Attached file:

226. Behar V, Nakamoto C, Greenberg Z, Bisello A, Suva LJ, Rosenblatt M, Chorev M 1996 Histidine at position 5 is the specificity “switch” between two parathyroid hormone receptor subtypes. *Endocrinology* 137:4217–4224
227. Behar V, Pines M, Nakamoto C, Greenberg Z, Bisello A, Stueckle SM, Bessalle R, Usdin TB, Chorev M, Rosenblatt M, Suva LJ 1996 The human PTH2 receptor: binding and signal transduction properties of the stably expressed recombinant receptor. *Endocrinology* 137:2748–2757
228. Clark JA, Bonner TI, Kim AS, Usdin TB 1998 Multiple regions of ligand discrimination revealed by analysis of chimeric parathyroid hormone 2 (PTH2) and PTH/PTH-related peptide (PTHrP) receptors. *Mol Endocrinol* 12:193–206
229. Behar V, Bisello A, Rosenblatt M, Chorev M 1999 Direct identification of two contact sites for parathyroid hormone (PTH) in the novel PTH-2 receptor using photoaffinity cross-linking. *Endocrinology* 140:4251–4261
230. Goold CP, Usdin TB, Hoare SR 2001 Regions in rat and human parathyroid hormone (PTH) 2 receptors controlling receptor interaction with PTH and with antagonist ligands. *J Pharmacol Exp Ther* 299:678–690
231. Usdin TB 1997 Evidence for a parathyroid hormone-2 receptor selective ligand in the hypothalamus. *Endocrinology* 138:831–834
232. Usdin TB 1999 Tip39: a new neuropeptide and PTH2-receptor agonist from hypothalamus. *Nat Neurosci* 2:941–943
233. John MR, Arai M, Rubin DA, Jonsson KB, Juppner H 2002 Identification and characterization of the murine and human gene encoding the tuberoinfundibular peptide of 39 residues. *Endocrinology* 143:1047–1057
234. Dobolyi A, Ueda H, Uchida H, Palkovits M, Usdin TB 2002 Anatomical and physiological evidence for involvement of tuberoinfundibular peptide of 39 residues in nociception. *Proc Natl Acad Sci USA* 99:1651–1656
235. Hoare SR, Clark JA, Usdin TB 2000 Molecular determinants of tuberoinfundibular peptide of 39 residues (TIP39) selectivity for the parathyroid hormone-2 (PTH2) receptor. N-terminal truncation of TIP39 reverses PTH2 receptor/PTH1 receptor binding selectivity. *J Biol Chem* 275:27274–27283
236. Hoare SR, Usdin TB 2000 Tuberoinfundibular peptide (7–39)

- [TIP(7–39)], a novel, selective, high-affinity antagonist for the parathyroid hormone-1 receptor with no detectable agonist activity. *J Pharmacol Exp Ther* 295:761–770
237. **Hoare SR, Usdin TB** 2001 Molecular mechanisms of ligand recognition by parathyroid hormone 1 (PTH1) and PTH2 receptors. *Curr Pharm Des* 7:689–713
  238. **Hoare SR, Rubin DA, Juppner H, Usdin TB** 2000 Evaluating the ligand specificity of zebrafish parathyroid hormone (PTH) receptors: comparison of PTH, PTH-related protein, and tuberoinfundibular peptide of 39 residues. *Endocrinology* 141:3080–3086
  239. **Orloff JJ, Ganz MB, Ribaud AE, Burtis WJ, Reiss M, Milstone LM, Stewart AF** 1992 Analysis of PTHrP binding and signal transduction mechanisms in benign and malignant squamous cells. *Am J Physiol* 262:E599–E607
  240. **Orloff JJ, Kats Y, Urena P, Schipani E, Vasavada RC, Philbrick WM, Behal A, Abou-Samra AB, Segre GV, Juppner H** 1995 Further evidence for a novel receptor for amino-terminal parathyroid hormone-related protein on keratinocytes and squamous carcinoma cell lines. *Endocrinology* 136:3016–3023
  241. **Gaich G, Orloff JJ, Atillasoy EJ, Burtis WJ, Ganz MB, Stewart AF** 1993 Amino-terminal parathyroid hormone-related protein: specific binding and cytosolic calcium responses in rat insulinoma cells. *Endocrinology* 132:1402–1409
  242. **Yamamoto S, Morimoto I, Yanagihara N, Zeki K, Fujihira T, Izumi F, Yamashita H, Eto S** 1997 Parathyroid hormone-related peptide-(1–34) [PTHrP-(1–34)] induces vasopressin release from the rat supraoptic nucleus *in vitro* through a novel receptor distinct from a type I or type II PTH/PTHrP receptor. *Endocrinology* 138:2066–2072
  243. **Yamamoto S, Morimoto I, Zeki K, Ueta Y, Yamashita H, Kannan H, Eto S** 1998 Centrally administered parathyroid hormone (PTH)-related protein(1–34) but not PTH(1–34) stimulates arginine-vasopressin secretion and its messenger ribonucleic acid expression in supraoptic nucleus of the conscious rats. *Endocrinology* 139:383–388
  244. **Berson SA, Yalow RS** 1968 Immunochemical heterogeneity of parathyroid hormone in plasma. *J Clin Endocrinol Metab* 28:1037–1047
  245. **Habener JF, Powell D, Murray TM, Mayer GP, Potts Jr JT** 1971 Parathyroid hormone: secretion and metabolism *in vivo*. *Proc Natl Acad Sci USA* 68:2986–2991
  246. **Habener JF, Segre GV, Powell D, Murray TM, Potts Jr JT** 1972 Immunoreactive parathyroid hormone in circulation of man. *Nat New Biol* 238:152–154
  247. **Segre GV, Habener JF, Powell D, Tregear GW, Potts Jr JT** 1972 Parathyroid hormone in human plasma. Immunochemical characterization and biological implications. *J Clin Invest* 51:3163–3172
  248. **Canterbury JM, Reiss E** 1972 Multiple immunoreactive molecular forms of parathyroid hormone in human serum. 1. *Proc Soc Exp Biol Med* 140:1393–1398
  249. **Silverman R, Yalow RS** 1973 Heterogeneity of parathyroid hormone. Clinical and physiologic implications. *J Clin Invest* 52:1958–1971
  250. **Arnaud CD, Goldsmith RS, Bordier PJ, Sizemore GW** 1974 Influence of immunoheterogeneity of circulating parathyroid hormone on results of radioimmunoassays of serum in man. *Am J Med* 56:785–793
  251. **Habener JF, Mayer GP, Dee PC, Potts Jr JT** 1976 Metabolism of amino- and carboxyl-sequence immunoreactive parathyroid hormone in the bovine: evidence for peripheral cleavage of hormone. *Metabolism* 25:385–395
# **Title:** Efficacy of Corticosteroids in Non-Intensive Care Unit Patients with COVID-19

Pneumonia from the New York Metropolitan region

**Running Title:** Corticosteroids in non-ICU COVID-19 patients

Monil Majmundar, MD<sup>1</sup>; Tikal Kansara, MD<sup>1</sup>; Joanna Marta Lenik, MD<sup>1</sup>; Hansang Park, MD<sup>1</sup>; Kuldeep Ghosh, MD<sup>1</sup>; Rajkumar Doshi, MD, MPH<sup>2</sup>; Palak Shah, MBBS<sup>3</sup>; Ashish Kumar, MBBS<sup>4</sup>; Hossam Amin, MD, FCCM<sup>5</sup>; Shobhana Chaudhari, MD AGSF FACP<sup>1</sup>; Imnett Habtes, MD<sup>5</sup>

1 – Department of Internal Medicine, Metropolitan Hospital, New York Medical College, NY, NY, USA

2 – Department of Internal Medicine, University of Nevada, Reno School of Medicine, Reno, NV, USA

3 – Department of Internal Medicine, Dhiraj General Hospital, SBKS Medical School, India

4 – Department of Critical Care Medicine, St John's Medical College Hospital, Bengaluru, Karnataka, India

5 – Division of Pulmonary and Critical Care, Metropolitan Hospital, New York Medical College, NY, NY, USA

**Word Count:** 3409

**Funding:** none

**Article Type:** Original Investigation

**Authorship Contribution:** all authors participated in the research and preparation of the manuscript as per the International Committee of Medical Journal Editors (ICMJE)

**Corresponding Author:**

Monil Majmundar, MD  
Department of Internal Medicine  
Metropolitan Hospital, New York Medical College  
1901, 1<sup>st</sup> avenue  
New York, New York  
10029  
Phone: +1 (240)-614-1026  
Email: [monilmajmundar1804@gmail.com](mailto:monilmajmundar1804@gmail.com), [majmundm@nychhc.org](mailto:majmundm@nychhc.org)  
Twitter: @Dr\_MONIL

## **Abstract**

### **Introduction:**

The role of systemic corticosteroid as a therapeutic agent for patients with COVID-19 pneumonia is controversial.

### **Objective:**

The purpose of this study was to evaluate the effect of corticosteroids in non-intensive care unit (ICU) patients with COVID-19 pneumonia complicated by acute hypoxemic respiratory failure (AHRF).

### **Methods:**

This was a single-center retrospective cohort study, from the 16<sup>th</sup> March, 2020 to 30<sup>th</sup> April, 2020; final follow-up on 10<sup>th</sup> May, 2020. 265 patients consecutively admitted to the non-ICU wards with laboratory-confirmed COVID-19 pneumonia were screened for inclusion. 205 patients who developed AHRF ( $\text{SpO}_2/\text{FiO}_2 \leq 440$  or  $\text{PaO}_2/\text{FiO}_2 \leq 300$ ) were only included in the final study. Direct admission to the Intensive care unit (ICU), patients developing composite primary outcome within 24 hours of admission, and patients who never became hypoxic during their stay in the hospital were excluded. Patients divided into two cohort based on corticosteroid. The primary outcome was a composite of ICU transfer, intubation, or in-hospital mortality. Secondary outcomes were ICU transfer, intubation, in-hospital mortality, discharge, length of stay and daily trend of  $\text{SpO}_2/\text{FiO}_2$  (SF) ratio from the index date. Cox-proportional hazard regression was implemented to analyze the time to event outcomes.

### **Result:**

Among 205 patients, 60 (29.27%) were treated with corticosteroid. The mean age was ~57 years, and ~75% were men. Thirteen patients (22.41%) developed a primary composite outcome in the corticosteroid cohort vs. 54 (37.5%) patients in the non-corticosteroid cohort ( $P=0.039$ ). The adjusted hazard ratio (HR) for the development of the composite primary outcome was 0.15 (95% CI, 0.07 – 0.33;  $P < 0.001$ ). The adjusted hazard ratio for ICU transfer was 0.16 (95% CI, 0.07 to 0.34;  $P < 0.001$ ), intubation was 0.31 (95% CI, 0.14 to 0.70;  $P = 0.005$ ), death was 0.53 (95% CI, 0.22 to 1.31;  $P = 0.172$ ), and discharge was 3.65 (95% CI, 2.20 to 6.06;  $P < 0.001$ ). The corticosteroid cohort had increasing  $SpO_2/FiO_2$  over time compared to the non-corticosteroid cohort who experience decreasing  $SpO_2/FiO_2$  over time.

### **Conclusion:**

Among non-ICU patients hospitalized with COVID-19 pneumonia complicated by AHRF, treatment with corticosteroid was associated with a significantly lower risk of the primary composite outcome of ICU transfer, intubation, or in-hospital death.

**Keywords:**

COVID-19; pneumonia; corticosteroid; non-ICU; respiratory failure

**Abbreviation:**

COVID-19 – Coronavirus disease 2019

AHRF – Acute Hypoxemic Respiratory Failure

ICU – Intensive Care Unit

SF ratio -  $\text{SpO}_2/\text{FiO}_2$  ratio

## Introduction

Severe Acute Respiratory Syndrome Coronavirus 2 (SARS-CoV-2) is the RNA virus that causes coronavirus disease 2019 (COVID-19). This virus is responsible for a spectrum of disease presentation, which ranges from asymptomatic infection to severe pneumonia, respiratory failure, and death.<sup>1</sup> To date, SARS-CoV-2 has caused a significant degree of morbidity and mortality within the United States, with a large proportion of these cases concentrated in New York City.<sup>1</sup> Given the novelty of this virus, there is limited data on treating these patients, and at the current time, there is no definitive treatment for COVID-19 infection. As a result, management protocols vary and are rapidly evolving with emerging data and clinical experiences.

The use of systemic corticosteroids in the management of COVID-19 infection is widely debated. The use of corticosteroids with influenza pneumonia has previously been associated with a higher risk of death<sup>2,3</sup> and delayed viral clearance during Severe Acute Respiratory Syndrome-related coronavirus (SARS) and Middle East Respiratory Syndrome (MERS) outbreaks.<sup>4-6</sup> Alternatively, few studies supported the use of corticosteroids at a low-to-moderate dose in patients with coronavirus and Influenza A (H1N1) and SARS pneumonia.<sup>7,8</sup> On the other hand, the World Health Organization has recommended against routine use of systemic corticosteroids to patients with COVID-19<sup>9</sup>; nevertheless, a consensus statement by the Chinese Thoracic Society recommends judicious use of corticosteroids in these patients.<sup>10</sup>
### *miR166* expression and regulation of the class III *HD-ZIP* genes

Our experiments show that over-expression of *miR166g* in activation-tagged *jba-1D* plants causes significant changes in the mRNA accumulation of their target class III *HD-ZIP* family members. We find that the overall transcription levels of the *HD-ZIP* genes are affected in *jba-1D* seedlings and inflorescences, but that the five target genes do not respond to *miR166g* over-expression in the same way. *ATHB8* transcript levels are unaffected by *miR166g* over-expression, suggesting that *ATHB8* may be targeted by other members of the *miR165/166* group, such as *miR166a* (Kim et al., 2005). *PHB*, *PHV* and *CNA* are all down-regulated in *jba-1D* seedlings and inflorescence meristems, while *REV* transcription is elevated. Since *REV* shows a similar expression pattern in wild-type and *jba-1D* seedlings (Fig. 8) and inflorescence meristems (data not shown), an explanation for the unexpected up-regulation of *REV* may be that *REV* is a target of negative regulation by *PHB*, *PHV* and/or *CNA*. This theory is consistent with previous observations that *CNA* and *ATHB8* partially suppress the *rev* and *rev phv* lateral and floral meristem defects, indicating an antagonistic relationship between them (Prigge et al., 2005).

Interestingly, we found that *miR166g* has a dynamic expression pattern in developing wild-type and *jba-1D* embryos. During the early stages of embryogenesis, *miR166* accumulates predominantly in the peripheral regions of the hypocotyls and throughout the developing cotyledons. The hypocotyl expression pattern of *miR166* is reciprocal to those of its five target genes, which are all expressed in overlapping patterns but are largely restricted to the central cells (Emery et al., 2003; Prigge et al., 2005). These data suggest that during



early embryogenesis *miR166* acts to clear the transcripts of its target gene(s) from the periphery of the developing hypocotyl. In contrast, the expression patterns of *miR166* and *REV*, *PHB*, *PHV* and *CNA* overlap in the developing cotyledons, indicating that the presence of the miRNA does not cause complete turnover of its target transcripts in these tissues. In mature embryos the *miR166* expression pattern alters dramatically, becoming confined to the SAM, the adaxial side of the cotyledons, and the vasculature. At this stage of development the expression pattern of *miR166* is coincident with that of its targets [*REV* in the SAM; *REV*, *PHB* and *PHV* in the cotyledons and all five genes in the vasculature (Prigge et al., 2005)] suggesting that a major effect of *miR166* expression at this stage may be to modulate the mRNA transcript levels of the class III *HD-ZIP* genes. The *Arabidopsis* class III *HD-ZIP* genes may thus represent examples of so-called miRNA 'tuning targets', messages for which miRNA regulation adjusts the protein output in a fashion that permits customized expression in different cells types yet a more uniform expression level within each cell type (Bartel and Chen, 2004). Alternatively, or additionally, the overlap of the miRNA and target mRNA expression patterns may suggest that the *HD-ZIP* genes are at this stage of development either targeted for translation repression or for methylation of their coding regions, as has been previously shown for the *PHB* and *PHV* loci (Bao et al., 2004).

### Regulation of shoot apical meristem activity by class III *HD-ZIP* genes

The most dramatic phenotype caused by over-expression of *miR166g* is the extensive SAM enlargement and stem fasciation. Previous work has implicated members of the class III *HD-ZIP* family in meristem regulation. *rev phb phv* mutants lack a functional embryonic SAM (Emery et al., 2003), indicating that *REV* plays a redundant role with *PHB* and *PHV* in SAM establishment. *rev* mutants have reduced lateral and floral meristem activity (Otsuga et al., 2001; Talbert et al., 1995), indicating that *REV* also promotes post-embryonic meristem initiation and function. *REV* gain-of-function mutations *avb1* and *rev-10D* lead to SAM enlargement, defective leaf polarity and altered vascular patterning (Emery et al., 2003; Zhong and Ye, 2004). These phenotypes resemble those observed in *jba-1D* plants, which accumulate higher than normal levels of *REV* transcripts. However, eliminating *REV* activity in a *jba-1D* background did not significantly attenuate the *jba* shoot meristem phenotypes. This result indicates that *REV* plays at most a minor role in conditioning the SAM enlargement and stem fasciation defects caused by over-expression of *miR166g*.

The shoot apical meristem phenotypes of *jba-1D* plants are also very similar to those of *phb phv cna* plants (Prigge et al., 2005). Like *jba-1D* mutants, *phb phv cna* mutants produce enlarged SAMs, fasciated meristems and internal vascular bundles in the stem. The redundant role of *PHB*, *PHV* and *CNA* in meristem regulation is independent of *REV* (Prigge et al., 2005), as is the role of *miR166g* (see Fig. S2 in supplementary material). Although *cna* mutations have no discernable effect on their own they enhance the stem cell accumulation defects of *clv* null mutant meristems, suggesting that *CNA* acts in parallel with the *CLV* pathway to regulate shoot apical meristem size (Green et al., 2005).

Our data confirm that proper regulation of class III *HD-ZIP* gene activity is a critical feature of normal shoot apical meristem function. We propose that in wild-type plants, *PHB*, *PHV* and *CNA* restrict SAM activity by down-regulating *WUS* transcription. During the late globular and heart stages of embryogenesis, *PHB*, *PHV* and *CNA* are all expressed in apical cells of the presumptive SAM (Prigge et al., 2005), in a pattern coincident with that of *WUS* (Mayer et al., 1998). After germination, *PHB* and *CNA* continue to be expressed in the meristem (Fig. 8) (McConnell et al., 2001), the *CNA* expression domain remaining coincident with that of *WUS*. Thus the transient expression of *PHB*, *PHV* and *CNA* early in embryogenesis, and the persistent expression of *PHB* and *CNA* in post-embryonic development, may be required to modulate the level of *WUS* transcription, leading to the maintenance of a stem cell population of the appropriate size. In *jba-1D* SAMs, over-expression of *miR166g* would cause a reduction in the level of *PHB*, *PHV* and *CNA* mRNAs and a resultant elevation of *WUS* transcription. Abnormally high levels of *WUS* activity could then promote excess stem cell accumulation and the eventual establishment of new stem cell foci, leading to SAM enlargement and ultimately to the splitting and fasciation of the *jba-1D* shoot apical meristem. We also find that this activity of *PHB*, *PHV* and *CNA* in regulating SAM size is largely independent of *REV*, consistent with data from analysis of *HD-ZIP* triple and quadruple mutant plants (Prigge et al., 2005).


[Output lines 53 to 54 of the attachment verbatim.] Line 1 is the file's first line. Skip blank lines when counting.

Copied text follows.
The role of systemic corticosteroid as a therapeutic agent for patients with COVID-19 pneumonia is controversial.

### **Objective:**